DuckDuckGo may seem like a simple search service with a cartoon duck, but it’s actually shaping up to be a user-friendly, privacy-focused search engine that is gaining ground. On May 9, 2012, it fielded more than 1.5 million queries. Check out this chart of its search volume growth (courtesy of DuckDuckGo):
I know what you’re thinking: “Google is the only search engine that really matters.” Well, maybe not. Sixty-one percent of consumers were so concerned about Google’s privacy updates that they were considering closing related accounts. Another 45 percent are not fans of Search Plus Your World because they don’t want tracked social data to influence their SERPs. And now, search runner-up Bing has integrated more social data into search results. Although Microsoft attempts to keep these social results separate from standard web results, the update might make it a less appealing alternate for those trying to break away from Google.
Nonetheless, privacy woes and social overload haven’t stopped Google from dominating as the No.1 search engine (and it’s likely to retain its spot as users’ preferred search service for the foreseeable future). But SEO marketers should still be thinking about other discovery channels. If nothing else, this is critical because cheap attempts to optimize sites (and website content) for Google are quickly being targeted by the company’s new webspam algorithm updates. Plus, as Brafton has reported in the past, moving beyond Google dependency is deemed a top strategy for Panda-proofing a website. Any way you think about it, focusing on the user is now essential to Google visibility AND overall web visibility.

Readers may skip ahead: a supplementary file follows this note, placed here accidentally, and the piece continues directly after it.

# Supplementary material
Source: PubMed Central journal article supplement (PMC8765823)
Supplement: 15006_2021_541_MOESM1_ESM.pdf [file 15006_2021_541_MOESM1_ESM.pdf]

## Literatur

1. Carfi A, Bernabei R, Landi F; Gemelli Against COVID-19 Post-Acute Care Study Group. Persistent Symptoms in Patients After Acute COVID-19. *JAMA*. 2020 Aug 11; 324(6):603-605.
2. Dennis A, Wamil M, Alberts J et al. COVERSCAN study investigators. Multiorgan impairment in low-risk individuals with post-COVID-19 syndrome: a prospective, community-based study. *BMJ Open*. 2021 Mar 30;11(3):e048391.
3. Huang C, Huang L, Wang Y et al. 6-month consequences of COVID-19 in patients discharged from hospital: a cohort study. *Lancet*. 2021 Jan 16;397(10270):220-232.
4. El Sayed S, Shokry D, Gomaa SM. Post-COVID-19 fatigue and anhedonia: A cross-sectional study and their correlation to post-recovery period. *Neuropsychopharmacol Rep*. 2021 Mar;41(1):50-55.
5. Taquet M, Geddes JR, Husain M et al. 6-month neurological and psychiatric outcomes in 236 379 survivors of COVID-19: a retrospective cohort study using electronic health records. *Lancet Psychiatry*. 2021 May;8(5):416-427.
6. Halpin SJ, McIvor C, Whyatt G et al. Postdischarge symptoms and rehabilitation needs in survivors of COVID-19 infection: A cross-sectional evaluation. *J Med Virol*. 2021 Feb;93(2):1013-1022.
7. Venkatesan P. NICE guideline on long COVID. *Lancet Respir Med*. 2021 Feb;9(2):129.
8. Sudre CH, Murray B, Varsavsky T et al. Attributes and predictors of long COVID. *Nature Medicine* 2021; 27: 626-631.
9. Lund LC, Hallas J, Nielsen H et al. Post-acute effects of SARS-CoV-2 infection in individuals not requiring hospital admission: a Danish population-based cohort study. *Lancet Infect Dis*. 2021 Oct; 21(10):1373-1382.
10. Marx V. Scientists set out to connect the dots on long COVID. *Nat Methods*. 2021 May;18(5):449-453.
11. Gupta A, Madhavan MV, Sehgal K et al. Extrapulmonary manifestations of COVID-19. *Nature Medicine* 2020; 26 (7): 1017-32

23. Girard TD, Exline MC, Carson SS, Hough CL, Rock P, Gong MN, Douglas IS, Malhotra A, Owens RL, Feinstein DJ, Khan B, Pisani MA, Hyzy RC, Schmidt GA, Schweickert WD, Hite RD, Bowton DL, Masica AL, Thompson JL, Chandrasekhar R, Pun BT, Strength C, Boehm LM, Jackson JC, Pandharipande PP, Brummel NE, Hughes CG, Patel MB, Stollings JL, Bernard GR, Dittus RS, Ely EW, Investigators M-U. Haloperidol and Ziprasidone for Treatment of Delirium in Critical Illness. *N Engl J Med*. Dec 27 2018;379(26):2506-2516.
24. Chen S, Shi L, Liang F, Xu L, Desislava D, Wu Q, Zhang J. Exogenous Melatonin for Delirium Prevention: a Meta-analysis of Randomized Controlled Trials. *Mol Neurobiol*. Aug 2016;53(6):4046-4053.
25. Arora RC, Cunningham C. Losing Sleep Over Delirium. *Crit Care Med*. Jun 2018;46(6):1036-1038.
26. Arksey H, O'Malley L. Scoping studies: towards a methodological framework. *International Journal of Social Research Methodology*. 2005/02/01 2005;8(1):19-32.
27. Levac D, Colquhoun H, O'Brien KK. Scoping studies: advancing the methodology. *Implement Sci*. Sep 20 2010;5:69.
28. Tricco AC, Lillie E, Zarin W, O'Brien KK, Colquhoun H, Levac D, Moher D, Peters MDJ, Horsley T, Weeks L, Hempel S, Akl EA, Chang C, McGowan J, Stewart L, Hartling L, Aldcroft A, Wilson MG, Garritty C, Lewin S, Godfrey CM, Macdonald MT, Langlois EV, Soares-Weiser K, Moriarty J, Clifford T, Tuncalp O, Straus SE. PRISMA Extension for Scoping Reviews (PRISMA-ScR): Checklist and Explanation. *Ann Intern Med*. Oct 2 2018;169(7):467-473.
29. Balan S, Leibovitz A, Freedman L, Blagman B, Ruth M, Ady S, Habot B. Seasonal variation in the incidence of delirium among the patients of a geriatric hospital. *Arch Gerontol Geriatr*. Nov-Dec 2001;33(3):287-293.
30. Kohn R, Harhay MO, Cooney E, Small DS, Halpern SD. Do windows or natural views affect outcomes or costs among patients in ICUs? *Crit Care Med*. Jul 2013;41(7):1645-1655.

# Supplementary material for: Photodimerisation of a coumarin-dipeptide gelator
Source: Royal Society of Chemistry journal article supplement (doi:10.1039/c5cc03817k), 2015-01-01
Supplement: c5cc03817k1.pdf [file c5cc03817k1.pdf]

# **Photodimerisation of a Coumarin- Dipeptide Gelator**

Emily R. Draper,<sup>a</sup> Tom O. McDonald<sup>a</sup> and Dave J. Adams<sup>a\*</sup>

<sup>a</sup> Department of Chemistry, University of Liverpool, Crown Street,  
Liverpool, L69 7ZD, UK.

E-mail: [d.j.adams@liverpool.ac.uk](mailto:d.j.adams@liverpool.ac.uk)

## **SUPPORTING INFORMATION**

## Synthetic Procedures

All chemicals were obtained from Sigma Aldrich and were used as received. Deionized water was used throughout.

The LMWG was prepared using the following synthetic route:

One way to make sure you’re not getting hooked on magic bullets for Google is by taking a closer look at other rising networks on the web to consider what users value on these channels. Social discovery is huge, which has made social marketing a popular approach to visibility – and relative newcomers like Pinterest and Pinerly are making waves. But marketers should also think about the potential of alternate search portals, and DuckDuckGo is one to watch.
When founder Gabriel Weinberg came up with the idea for a hybrid search engine, he wanted to provide people with less ads, more user-friendly gadgets and quality results. The result is a search experience based on what users want – and that’s increasingly privacy. Over the past year, DuckDuckGo has gained minimal traction. But now that privacy policies of tech giants (like Google!) are being called into question, a particular road has been paved for potential DuckDuckGo growth.
Let’s take a closer look at how DuckDuckGo works and why your online audiences might love it.
DDG puts privacy first
DuckDuckGo is a search engine that enables you to complete normal searches with complete privacy by not using cookies or collecting any information about what you are searching for. On the other hand, Google’s April search updates indicate it’s focusing even more on users’ previous queries to interpret searches and provide contextual results, and Brafton has reported that Bing uses Adaptive Search to remember what people might prefer based on previous queries.)